In Telco 2.0 themes, seven global mobile operators have formed an alliance for M2M services and applications. KPN, NTT Docomo, Rogers, SingTel, Telefónica, Telstra and Vimpelcom are standardising on Jasper Wireless (KPN took a stake in them back in 2010, of course) and its web interface for their management tools, and developing a global SIM product.

In Poland, the mobile operators have agreed to provide a single interface to their core networks in order to compete with OTT players more effectively. OpenCloud is providing the API bridging Orange.pl, Polkomtel, and T-Mobile.pl.

Vodafone bought New Zealand’s second fixed operator. They also started an infrastructure-sharing agreement with 3 in Ireland and KPN Mobile in the Netherlands.

But is network sharing all that great? The 3G & 4G Wireless Blog has a fascinating discussion on the challenges and opportunities. It requires a lot of commitment from all parties involved, and usually aims beyond just reducing costs. And what happens if you need to disentangle the deal? After all, in Sweden, the transition to LTE caused one such deal to unravel. This leads us to a really excellent T-Mobile presentation from Kim Larsen:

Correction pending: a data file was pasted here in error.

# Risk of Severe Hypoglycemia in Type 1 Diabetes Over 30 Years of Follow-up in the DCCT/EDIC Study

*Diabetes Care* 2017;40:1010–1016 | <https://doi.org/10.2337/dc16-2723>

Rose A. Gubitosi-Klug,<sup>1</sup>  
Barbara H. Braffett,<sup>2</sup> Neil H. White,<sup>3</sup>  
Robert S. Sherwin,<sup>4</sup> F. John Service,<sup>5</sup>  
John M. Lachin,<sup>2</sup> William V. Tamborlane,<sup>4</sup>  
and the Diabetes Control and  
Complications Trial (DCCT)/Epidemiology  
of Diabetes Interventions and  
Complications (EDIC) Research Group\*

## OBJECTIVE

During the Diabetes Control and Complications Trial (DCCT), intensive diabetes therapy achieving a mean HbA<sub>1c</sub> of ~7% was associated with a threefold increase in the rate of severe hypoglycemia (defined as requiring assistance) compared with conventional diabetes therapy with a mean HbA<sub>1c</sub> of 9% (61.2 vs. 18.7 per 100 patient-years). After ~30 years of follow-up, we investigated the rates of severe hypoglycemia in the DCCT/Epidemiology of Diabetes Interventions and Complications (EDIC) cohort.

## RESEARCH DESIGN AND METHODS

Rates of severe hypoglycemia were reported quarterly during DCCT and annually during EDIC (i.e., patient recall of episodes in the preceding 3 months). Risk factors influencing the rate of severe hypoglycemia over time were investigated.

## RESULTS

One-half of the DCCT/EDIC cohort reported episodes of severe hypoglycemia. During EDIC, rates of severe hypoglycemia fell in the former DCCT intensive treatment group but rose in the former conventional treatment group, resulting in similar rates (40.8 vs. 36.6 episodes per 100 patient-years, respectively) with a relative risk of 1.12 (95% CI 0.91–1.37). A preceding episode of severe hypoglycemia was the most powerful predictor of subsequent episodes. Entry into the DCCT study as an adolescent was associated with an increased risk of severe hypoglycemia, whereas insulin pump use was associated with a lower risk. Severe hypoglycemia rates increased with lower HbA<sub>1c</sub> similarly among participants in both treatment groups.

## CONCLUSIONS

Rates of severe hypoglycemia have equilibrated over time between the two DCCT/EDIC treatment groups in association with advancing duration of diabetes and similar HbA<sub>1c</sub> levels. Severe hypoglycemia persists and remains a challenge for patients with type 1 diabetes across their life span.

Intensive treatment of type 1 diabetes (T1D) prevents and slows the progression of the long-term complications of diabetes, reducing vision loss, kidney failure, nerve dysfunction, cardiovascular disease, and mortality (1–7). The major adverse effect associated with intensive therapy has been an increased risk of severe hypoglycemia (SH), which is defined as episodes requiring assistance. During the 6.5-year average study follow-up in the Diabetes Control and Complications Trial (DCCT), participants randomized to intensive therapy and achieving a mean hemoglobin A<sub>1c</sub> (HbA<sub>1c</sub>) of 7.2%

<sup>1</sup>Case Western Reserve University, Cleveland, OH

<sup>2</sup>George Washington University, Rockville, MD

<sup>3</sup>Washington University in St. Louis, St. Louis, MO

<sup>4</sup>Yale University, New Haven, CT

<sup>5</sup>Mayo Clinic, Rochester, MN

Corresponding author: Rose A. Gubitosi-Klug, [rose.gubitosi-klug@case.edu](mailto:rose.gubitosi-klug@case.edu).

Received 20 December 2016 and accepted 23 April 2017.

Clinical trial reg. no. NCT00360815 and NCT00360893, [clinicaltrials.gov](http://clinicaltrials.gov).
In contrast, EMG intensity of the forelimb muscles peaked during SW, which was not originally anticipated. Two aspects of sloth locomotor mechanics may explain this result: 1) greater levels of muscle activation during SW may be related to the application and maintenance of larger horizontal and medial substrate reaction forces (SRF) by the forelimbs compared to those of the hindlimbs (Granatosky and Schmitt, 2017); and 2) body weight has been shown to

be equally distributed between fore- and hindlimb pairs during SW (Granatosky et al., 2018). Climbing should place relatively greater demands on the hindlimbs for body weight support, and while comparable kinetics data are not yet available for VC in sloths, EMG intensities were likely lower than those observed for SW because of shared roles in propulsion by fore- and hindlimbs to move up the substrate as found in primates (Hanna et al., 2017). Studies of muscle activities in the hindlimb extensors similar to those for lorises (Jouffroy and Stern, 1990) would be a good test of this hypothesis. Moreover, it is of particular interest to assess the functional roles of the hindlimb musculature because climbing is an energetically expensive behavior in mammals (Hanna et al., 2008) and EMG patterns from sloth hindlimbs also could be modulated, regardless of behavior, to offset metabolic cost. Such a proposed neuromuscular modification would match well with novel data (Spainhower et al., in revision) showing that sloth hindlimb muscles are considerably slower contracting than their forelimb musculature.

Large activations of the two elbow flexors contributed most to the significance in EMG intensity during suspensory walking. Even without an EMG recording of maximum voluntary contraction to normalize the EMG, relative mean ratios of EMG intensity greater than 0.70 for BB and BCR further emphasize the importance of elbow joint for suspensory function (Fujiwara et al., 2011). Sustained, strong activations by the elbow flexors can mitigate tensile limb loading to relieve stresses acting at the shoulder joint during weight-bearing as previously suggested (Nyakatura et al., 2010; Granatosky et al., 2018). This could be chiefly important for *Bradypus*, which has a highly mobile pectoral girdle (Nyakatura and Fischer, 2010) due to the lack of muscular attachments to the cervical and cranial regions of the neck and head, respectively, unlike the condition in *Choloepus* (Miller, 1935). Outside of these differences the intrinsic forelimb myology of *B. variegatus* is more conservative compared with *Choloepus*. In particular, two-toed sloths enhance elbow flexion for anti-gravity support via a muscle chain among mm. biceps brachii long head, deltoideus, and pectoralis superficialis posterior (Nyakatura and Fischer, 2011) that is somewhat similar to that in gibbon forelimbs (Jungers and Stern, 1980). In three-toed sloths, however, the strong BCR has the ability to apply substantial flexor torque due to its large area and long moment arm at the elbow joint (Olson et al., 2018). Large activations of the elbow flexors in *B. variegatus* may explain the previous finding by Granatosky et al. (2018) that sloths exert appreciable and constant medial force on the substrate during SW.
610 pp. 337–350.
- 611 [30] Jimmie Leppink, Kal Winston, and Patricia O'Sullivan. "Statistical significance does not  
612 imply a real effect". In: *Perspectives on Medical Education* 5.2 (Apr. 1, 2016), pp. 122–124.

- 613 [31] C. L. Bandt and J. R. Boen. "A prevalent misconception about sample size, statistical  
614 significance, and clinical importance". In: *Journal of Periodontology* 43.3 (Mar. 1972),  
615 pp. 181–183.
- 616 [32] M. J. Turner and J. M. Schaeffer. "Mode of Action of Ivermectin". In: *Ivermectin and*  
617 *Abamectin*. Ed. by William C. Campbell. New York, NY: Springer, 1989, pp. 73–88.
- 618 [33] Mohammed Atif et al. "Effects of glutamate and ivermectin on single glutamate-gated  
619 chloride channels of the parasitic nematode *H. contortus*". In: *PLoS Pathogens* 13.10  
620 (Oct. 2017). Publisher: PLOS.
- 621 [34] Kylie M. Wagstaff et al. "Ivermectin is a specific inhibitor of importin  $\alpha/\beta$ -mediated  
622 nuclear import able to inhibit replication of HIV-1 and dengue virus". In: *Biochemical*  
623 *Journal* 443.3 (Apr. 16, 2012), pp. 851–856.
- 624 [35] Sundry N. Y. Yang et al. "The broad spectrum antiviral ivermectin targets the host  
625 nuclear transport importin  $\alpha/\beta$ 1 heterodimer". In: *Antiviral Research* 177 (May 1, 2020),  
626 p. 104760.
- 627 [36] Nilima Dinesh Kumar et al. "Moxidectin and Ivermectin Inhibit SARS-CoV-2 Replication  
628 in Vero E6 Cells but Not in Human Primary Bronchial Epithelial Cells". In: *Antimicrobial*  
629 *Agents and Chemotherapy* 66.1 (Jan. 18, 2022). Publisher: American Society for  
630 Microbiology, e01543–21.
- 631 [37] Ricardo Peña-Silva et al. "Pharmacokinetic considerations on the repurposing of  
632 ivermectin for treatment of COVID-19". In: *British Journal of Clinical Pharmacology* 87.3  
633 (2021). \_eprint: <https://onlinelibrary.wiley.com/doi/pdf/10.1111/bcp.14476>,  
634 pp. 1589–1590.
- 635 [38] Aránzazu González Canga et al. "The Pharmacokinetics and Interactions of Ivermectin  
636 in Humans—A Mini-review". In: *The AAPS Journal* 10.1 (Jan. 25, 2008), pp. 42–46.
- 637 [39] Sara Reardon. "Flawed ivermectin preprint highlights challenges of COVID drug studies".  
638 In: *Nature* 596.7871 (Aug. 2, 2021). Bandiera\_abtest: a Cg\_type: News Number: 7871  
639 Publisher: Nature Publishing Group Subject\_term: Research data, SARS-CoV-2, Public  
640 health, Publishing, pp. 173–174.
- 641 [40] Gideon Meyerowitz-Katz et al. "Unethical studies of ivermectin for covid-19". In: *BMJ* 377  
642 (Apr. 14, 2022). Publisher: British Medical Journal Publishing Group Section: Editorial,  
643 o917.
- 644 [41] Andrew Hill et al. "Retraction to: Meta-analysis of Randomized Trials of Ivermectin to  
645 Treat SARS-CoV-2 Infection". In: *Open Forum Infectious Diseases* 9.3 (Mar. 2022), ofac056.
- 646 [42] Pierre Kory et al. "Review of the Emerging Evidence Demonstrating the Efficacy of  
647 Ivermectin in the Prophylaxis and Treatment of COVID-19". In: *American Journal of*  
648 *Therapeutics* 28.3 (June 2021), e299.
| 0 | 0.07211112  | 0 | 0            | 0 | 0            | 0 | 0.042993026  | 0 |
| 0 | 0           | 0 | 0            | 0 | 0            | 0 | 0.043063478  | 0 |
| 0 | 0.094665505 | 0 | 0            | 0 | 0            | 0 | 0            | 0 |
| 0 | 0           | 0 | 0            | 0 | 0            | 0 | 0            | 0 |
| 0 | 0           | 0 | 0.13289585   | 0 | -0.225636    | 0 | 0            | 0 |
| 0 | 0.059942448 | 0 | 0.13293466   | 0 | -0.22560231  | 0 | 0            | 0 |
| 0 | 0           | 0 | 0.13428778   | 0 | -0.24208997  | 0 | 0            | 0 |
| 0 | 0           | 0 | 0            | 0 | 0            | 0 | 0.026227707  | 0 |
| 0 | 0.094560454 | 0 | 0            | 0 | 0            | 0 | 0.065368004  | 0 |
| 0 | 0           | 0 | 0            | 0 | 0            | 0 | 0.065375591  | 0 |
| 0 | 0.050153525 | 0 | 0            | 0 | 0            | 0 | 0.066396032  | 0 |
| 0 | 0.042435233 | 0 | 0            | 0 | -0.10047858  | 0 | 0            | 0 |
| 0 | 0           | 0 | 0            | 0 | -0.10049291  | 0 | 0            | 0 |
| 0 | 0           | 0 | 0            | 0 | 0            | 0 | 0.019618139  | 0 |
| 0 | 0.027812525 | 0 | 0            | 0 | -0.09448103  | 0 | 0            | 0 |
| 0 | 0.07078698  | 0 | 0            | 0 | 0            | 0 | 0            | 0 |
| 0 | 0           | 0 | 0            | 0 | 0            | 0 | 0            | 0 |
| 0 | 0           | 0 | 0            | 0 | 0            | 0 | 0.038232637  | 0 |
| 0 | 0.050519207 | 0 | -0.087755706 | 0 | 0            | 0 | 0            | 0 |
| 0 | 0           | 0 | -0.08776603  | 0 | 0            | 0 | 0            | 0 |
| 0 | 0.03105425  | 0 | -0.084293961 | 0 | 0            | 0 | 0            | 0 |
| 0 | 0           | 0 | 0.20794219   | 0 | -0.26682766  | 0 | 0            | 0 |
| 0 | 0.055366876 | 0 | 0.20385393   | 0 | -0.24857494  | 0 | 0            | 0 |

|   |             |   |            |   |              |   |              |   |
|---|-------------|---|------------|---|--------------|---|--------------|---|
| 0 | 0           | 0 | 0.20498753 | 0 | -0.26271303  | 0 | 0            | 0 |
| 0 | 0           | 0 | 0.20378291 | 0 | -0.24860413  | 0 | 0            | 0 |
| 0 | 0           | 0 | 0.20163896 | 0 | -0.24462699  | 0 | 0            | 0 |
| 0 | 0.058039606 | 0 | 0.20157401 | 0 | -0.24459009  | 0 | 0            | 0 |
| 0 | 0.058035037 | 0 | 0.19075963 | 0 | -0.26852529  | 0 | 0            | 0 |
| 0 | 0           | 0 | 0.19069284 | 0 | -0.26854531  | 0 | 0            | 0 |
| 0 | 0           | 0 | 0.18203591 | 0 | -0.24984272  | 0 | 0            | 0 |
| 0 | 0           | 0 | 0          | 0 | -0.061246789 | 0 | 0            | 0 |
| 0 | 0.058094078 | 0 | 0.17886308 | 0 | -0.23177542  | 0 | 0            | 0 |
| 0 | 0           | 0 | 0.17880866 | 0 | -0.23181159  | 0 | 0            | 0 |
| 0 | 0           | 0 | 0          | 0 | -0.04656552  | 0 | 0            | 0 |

And if that isn’t enough slides for you, here are 72 on Telefonica’s LTE trials.

In other Telco 2.0 news, Econet Wireless in Zimbabwe is taking off as a m-payments player, the GSMA MMU Blog reports, and Tele2 launches an international VoIP app in a dose of own-brand OTT.

In this week’s Chart of the Week, it looks like VC investment is at levels not seen since the .com boom, and quite a lot of it is going into mobile. Specifically, the way to tap it is with a mobile photo- or video-related startup, as 29% of investment in mobile is following the Instagram hype.

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Here’s a detailed interview with RIM CEO Thorsten Heins.

As the crisis mounts, Developer Relations VP and Calliflower founder Alec Saunders goes after critics who predict an exodus of devs from the platform, spruiking its developer toolkit. At the same time, one of the company’s pair of corporate jets is up for sale, in what looks like either a desperate search for cash or else a very public gesture of humility after the 5,000 layoffs last week.

(Although, perhaps they had two jets because they had two CEOs.)